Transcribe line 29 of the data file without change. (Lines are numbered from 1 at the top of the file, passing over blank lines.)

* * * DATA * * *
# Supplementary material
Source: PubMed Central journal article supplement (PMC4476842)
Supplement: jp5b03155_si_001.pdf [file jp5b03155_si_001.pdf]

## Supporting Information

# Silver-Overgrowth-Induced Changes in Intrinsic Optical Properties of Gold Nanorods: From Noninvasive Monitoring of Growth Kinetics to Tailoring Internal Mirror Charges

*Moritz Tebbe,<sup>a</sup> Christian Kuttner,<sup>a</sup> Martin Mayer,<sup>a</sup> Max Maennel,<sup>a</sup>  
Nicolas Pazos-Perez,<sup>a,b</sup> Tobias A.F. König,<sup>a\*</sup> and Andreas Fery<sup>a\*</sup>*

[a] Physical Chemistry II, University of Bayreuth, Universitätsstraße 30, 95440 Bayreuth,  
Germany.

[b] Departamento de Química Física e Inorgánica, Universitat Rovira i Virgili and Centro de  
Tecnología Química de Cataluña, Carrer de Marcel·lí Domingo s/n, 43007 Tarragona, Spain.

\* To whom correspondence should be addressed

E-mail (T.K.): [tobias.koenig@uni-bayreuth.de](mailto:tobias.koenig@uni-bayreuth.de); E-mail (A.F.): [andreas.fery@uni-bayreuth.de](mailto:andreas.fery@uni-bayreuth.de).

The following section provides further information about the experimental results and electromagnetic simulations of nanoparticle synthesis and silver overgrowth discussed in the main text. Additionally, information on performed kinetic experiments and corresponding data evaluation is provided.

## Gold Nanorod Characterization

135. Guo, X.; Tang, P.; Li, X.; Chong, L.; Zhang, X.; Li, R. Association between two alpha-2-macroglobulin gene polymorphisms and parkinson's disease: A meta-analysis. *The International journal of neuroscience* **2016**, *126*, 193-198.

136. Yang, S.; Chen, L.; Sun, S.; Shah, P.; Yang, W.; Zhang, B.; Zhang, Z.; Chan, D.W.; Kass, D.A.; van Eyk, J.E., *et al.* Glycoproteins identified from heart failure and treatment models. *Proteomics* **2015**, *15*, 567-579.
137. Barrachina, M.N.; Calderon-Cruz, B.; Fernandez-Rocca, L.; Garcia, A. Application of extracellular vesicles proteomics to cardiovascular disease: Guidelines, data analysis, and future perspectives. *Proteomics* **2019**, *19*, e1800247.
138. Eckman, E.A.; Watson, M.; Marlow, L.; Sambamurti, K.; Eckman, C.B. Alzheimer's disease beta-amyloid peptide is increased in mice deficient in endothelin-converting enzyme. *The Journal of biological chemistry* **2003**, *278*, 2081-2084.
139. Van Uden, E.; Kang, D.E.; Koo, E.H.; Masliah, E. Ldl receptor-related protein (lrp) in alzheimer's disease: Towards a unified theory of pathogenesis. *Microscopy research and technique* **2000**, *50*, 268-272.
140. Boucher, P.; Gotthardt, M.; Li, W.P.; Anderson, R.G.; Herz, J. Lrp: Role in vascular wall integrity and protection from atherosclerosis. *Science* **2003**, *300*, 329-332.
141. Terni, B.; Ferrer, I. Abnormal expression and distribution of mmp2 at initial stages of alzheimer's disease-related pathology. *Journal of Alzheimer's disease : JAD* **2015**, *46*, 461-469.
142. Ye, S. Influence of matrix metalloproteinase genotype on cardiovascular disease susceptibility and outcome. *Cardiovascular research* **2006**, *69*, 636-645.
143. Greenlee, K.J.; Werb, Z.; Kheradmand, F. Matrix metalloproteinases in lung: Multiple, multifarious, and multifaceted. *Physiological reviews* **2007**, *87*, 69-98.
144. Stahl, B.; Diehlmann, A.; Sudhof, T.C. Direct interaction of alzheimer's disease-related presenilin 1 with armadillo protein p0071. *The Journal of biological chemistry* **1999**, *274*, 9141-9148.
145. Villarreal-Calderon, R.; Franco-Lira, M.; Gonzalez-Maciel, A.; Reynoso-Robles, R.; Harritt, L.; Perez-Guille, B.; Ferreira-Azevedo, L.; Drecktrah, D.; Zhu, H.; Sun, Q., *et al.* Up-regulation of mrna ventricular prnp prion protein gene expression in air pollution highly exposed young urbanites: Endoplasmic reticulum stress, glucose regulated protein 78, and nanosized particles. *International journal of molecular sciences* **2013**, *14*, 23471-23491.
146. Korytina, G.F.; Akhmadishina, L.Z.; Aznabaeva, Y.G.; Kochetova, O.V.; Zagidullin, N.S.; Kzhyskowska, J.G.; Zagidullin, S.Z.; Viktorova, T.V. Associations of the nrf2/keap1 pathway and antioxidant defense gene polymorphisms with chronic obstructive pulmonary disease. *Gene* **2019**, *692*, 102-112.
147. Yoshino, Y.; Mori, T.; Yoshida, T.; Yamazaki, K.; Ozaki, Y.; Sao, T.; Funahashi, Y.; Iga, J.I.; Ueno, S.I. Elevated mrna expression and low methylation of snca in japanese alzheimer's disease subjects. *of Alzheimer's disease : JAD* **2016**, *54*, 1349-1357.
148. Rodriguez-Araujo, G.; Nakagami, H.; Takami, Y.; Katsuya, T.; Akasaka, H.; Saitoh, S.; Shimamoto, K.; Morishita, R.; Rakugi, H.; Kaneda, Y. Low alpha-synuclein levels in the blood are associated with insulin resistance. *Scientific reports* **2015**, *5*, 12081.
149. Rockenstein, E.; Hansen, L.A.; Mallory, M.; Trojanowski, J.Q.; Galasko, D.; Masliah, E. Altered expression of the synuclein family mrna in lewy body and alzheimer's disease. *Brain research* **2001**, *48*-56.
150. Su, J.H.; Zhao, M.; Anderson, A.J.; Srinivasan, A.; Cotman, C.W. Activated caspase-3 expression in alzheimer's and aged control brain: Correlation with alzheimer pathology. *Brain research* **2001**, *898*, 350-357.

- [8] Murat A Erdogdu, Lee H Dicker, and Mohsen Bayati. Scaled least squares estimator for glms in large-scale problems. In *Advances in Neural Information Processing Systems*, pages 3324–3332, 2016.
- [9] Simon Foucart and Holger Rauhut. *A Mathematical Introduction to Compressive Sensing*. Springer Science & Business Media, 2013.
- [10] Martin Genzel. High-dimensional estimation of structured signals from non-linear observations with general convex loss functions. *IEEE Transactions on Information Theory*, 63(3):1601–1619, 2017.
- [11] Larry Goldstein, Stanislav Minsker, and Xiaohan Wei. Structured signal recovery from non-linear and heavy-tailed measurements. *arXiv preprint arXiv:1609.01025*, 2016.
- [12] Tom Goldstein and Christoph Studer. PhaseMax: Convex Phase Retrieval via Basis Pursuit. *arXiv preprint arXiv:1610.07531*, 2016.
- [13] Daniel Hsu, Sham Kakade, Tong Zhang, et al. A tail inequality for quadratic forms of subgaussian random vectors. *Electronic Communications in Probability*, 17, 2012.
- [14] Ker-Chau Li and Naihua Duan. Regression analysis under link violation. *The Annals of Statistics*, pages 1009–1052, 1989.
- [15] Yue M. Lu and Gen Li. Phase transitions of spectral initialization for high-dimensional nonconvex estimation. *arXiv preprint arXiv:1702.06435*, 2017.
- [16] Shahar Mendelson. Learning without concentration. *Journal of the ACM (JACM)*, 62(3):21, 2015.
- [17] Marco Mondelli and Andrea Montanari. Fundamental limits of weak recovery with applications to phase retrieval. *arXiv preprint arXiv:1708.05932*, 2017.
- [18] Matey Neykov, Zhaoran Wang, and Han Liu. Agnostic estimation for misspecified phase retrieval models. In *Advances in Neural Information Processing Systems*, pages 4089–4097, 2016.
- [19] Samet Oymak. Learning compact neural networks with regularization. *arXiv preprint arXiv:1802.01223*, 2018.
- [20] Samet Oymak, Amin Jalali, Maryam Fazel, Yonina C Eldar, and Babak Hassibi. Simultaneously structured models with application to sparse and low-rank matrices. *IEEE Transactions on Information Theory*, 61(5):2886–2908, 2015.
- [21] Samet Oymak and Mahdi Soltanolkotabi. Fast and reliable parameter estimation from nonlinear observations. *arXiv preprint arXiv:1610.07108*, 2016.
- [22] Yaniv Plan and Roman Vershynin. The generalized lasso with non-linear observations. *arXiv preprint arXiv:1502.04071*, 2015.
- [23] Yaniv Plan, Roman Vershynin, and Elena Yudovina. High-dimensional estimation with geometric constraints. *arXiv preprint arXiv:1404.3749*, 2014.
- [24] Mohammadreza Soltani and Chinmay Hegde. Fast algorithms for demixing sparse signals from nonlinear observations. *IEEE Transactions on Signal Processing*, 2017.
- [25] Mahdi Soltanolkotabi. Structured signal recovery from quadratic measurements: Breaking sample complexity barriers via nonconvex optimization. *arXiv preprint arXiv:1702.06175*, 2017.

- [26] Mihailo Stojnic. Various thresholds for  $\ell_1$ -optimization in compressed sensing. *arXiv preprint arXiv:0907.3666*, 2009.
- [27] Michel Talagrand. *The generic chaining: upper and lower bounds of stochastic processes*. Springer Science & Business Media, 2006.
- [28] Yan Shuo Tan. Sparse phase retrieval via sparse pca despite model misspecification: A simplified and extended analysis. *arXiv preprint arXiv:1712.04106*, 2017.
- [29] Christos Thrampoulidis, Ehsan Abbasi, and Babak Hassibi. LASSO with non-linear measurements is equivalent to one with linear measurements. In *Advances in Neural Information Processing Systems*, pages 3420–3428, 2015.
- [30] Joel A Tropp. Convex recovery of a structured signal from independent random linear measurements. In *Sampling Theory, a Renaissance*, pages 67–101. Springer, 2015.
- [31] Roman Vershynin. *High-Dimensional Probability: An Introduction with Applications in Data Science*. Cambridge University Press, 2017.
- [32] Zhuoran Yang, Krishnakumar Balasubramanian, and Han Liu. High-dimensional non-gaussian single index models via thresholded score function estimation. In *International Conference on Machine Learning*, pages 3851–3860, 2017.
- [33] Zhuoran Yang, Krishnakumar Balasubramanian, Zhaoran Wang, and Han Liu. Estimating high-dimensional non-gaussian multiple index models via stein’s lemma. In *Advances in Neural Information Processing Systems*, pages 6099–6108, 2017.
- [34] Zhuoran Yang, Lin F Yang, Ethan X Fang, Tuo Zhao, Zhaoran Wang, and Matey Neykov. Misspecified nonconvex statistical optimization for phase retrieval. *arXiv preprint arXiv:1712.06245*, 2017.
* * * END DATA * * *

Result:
148. Rodriguez-Araujo, G.; Nakagami, H.; Takami, Y.; Katsuya, T.; Akasaka, H.; Saitoh, S.; Shimamoto, K.; Morishita, R.; Rakugi, H.; Kaneda, Y. Low alpha-synuclein levels in the blood are associated with insulin resistance. *Scientific reports* **2015**, *5*, 12081.